RAJAGOPALAN, J. - These proceedings are in relation to the assessment year 1944-45. The assessees 'previous year' ended on March 31, 1944. The assessee was then a resident of Bangalore, outside what was then British India, which constituted the taxable territories. The assessee carried on several lines of business : (1) automobile spare parts, (2) supply of butter and milk to the military authorities at Bangalore, and (3) supply of live animals, beef and mutton under contracts with military authorities not only at Bangalore Cantonment but also in what was when British India. The assessee could be taxed to Indian income-tax only, of course, on that portion of the income of his trading activities in the year of account which could be correlated to the then taxable territories. There is no difficulty now about his profits from his business in automobile spare parts or from his business in butter. with reference to military contracts for the supply of milk, live animals, beef and mutton to the army authorities, the assessee showed a net loss of Rs. 65,280. That was based on his plea that, while he made small profits over the supply of milk are a fairly reasonable profit over the supply of beef and live animals, he incurred a heavy loss to the extent of Rs. 1,29,586 over the contract for the supply of mutton. The Income-tax Officer decline to accepts the assessees case, that he had suffered a loss over the supply of mutton under the contracts with the army authorities. The Income-tax Officer also found cash credits in the books of the assessee, which the assessee was not able to explain. The Income-tax Officer there upon rejected the book results and proceeded to assess the profits of the assessee. This he did by adding a round sum of Rs. 2,00,000 to income disclosed by the assessee. After deducting Rs. 65,280 and a further inadmissible sum of Rs. 16,192, the Income-tax Officer arrived at the net figure of Rs. 1,50,912.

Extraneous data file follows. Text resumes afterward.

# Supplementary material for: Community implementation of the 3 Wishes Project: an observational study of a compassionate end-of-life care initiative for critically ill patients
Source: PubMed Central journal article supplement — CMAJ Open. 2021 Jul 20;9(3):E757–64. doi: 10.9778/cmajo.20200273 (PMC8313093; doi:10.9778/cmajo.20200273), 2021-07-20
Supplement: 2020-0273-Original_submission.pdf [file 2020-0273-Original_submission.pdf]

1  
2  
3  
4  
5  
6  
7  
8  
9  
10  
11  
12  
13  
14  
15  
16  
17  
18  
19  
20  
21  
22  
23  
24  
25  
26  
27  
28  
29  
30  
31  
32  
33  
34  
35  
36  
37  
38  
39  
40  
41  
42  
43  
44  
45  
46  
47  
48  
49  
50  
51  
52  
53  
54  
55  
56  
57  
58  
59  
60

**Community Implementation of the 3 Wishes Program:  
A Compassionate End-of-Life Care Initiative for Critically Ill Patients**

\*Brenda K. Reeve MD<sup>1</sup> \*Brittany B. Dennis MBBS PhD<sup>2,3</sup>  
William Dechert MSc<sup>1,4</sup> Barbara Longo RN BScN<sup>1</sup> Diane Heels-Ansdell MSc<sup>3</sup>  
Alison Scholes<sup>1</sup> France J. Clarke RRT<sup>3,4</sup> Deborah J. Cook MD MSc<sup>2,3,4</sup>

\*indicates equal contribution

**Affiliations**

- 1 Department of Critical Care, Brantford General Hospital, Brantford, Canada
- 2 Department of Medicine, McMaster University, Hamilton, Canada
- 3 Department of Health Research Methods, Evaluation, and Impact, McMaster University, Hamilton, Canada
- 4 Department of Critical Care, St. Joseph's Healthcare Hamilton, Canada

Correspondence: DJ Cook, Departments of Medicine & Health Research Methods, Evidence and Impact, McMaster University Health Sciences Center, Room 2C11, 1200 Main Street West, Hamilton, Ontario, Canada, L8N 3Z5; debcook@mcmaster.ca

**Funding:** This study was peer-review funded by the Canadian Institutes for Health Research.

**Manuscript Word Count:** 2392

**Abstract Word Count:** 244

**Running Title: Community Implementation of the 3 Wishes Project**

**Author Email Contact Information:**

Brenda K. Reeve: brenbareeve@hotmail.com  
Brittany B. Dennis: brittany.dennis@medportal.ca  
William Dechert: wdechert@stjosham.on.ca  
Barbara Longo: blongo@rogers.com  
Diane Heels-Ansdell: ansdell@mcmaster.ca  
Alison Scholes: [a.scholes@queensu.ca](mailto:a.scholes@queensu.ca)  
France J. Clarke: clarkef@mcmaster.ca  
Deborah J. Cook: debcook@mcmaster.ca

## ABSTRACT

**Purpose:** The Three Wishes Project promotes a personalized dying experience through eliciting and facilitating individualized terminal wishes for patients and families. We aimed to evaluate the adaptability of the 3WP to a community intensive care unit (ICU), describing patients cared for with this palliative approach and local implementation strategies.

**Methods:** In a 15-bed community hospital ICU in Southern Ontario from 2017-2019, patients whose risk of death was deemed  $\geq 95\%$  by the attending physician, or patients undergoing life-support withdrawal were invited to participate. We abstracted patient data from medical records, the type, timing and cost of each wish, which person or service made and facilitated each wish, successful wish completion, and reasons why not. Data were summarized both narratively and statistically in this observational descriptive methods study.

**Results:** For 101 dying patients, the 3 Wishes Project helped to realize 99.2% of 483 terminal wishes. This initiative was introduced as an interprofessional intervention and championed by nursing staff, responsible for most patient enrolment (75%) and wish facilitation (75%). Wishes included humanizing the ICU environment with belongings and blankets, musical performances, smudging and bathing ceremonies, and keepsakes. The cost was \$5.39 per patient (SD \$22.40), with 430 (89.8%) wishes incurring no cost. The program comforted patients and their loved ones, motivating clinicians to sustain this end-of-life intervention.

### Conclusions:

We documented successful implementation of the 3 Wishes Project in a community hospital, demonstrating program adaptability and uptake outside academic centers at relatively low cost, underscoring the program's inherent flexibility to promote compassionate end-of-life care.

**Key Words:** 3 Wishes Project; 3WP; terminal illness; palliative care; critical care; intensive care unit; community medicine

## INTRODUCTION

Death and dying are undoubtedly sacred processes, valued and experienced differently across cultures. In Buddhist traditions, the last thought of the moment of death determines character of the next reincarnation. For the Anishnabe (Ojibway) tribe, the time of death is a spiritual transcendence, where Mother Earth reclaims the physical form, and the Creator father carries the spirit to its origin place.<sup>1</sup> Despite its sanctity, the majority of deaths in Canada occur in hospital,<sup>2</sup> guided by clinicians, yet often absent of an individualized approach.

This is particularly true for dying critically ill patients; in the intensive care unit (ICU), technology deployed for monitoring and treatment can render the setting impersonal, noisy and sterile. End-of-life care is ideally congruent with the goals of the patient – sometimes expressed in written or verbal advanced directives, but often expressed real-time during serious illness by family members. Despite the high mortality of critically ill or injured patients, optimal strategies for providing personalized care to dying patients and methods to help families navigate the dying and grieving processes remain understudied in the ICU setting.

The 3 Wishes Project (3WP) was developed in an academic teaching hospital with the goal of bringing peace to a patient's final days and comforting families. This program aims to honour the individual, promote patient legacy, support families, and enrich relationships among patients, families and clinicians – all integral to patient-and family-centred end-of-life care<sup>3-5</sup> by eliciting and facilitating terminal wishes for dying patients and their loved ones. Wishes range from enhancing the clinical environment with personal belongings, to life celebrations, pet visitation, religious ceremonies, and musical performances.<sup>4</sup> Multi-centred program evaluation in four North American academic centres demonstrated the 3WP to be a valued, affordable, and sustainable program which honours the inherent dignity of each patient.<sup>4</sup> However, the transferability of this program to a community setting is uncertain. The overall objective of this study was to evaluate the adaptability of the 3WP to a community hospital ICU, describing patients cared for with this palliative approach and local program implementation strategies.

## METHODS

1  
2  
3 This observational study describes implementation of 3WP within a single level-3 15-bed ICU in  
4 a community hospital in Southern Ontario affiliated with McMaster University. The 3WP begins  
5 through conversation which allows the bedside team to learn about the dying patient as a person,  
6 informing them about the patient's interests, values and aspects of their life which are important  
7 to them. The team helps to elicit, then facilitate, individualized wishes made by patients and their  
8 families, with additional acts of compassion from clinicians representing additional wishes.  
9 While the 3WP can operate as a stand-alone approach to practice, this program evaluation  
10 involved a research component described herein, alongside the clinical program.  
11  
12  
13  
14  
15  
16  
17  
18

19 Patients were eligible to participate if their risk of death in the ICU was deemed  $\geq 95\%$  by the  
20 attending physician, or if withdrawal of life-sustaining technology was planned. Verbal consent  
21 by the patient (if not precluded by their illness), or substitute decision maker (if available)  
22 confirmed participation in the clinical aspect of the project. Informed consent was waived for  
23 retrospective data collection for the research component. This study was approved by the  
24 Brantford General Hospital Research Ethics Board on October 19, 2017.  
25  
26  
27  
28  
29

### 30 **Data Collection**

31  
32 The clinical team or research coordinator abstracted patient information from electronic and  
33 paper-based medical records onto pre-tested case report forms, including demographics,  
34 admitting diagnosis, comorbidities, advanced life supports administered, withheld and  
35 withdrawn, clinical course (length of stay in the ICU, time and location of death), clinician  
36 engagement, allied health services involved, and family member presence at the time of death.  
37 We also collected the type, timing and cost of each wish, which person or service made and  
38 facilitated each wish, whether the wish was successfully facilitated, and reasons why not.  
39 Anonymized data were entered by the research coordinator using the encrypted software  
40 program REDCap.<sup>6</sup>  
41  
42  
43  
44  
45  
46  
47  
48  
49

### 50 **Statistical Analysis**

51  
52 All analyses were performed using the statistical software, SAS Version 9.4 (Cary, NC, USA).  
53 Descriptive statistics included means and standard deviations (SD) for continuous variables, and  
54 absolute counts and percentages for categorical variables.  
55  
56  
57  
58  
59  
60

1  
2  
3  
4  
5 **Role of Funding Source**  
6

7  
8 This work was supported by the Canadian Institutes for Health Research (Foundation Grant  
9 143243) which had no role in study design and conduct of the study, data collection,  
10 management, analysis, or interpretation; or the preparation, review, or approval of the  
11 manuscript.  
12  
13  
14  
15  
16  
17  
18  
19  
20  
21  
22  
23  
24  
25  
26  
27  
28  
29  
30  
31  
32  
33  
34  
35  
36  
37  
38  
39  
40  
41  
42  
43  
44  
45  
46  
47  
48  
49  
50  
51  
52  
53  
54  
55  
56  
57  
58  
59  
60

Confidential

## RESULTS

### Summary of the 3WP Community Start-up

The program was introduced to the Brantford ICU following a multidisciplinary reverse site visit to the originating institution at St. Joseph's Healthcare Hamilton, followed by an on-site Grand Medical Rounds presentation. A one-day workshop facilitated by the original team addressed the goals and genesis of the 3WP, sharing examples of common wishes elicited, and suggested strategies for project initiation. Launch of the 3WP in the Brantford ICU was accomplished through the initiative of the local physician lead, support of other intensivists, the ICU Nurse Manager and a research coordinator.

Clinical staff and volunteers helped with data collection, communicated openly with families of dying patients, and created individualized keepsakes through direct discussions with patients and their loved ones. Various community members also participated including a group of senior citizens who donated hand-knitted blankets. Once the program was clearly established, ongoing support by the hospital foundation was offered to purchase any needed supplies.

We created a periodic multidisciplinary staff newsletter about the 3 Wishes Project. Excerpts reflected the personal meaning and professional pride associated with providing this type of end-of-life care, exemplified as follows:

On appeal, the Assistant Commissioner took the view that there was no justification to add the sum of Rs. 2,00,000 to arrive at an estimate of the assessable income of the assessee for the assessment year in question. The Assistant Commissioner reduced the amount to Rs. 1,00,000.
Both the assessee and the Department appealed to the Tribunal against the order of the Assistant Commissioner. On a review of the entire evidence, the Tribunal held that the evidence on record justified the addition of a sum of Rs. 1,72,721. In arriving at that figure the Tribunal came to the conclusion, that the unexplained credits in the books of the assessee amounted to Rs. 1,53,000, after accepting this explanation for a credit of Rs. 10,000, in the name of his sister Sara Bibi.
On application by the assessee to this court under section 66(2) of the Act, the Tribunal was directed to refer the following questions for the determination of this court :
'1. Whether on the facts and in the circumstances of this case, there is any material to justify the rejection of the accounts of the assessee by the Appellate Tribunal.
2. Whether there was any evidence to justify the finding of the Tribunal that the amount of Rs. 63,000 standing in the name of the sister was not a genuine credit and where the Tribunal should not have recorded a finding regarding the other three items of credits in the names of the assessee and his brother and also in the charcoal account.'
The Tribunal submitted a case and, when the case came on for hearing, this court by its order dated July 9, 1958, directed the Tribunal to submit a further statement of the case, virtually to answer the second question. Even the second question, by itself, referred to the omission of the Tribunal to record separate findings with reference to the credits other than those in the name of Sara Bibi. The further statement of the case has since been submitted, and the Tribunal recorded separate findings with regard to each head of credit, adhering to its original conclusion that all of them were bogus credits.
Though the unexplained credits constituted the subject-matter of the second question, it should be remembered that it is not a case of an addition of unexplained credits either as concealed income from known sources, or income from undisclosed sources to the amount disclosed by the assessee as his income. Those unexplained credits were taken into account by the authorities and subsequently by the Tribunal only to serve as a guidance for estimating the total income and to assess the assessable income of the assessee in the relevant year of account. It is only to that extent that we have to use the unexplained credits if the finding of the Tribunal prevails.